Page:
TrueType: consists of a single file. Was unuseable by RIPs until recently. ( Without a little fenagling)
OpenType: consists of a single file. These can be used on Macs and PCs, interchangeably. Also, they can contain more than 65,000 glyphs.
Font Family: typically a set of fonts all with the same typeface, but different sizes, weights and slants.
Glyphs:Single characters in a given font.
Dfonts: data only fonts. These consist of a data fork and a resource fork. Usually named like PostScript fonts, which can be confusing. They require dedicated font management software.
Multiple Master Fonts: these fonts have many changeable variables such as, weights, angles and widths. Although, users rarely knew how to manage the fonts, package the fonts, or ensure that the press operators knew how to handle the fonts.
Licensing: All fonts contain licenses that specify the way the font should be used or distributed. To this end, most fonts must be purchased, to allow the user access to them. EULAs can sometimes be a hassle to deal with, considering that they may prohibit packaging fonts.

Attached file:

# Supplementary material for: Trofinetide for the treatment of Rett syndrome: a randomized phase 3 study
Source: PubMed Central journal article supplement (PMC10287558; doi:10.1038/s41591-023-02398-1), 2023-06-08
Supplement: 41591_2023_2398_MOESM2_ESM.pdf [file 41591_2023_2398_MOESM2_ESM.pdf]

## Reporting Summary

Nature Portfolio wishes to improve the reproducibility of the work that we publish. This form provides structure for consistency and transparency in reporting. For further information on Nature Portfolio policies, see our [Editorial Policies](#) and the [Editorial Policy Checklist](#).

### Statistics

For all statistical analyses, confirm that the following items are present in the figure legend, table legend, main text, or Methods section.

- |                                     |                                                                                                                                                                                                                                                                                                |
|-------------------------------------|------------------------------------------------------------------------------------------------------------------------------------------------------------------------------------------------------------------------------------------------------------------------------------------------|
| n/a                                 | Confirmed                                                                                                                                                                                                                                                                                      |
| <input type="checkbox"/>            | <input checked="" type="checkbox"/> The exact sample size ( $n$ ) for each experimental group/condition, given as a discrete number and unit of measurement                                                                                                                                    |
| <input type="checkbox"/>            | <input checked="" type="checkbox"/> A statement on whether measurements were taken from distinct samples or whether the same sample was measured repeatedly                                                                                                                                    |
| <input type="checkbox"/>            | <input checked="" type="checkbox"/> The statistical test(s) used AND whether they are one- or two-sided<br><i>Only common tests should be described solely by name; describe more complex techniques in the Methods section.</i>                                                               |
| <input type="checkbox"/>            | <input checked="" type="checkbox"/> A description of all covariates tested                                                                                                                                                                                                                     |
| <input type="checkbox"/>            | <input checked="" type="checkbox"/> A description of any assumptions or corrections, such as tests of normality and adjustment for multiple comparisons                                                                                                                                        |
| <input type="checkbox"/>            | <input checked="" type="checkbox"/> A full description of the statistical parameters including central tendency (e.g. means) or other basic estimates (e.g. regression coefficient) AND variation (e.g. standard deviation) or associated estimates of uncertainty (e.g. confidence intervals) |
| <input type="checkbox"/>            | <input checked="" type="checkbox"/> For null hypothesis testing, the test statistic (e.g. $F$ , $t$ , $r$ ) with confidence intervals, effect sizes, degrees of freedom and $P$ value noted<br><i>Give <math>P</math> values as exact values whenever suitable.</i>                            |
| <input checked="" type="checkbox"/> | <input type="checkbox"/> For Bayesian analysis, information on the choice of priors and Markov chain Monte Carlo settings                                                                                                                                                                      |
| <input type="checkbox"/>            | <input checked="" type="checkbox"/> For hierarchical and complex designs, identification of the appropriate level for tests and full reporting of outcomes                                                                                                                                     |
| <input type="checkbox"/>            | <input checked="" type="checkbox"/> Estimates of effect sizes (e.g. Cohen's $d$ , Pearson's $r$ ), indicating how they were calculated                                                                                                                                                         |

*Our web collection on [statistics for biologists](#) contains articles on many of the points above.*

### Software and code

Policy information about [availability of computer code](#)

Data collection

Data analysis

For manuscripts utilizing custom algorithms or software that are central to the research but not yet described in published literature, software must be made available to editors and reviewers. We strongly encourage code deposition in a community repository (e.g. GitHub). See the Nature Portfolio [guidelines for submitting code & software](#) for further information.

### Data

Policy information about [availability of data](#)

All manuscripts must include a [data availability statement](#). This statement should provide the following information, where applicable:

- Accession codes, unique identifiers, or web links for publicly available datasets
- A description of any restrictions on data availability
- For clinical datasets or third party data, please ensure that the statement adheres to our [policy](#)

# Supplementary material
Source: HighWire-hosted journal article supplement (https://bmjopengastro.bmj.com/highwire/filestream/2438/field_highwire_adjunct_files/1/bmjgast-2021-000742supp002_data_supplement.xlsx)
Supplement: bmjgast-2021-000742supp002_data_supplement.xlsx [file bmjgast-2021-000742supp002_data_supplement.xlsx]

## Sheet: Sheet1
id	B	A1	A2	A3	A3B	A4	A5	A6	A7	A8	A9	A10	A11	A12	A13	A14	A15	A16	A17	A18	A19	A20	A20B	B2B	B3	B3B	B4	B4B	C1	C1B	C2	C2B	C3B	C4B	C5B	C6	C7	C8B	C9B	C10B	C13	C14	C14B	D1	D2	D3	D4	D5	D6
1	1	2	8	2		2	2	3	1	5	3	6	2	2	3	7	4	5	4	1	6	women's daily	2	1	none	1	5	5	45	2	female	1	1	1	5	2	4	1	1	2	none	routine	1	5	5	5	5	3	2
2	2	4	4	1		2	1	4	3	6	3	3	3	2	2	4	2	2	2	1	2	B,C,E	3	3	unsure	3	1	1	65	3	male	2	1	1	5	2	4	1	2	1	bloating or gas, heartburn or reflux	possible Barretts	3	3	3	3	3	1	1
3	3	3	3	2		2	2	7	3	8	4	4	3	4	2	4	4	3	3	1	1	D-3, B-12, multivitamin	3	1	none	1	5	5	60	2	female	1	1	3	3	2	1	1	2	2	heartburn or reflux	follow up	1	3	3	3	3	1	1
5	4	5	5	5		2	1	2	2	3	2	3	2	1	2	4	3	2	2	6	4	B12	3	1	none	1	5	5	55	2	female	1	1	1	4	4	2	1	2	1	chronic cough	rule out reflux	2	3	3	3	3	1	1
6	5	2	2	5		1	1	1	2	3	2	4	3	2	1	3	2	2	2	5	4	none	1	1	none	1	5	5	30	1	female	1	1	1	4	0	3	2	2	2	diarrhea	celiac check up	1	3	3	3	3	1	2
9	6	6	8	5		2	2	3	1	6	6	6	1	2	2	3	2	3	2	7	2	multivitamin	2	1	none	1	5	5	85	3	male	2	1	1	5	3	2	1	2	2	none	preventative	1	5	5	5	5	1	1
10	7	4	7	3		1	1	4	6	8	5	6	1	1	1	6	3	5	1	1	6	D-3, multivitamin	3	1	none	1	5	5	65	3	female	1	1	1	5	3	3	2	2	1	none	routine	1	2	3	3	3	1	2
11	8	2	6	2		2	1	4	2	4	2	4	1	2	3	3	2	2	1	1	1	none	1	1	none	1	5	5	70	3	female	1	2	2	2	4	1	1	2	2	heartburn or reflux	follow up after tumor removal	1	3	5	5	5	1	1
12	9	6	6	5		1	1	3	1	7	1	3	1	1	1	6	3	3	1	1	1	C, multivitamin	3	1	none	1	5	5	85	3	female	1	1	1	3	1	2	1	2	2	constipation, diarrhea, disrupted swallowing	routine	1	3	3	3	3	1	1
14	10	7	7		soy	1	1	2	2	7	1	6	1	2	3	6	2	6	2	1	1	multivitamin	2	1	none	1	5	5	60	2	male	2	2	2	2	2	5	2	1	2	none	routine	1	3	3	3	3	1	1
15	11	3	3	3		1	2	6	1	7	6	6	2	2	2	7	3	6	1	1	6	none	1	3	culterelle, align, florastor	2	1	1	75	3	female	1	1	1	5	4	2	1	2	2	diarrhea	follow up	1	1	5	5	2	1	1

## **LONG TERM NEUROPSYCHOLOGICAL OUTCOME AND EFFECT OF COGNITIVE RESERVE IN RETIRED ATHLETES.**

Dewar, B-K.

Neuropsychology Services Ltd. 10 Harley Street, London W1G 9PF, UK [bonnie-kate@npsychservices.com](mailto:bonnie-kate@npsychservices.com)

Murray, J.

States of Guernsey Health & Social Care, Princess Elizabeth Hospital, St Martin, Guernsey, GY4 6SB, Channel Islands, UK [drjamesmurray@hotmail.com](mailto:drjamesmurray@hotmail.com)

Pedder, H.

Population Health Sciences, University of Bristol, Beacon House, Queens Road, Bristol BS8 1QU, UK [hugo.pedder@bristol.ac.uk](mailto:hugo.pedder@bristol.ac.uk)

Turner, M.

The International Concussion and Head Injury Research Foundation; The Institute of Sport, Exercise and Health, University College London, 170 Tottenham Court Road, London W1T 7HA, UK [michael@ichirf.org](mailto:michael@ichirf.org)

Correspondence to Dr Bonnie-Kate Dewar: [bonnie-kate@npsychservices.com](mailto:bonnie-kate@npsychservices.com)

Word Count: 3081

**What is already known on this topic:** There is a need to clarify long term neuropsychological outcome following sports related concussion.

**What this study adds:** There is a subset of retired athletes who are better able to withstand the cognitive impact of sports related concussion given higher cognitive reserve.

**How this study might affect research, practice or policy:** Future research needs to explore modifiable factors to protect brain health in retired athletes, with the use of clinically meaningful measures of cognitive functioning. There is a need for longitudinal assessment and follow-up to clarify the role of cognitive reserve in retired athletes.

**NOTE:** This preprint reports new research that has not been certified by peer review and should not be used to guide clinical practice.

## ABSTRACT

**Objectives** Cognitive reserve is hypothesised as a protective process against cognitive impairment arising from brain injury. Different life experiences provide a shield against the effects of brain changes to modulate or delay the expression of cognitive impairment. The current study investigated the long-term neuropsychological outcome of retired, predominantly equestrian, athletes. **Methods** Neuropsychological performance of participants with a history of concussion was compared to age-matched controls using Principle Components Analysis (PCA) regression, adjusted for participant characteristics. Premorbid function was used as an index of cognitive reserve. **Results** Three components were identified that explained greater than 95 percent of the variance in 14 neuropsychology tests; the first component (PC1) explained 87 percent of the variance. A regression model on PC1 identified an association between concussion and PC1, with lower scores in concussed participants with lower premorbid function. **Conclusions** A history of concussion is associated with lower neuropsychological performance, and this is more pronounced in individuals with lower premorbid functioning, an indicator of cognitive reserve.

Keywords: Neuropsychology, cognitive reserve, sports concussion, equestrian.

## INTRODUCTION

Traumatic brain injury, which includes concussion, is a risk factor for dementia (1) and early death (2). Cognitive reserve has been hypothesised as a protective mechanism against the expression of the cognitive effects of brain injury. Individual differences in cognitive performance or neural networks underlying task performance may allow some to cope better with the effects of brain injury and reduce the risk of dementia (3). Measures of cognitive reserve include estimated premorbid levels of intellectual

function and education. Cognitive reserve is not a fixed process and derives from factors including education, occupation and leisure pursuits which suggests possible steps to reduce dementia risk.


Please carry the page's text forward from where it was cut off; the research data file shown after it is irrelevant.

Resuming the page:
File Naming:File naming has come a long way in its life. Originally, file names had to be 8 characters long then a dot and then a 3 letter extension. Now, file names can have spaces, and dashes and almost any character imaginable, so long as it isn't illegal characters. (!@#$*%) Also, not forbidden, but definitely to be avoided, are slashes and colons, as they are usually reserved for file-handling nomenclature within a given software.
Extensions: File extensions have grown just as much as naming conventions. Originally file extensions were all but absent on Macintosh, instead opting for a data and resource fork to control the files. They are really useful for human recognition of file type and cross-platform work.
Formats that can cross platforms: Most formats can cross platforms currently, a few are; .eps, .BMP, .PCT, .GIF, and .JPG, respectively.
Info sources: Real world print production with adobe creative suite applications.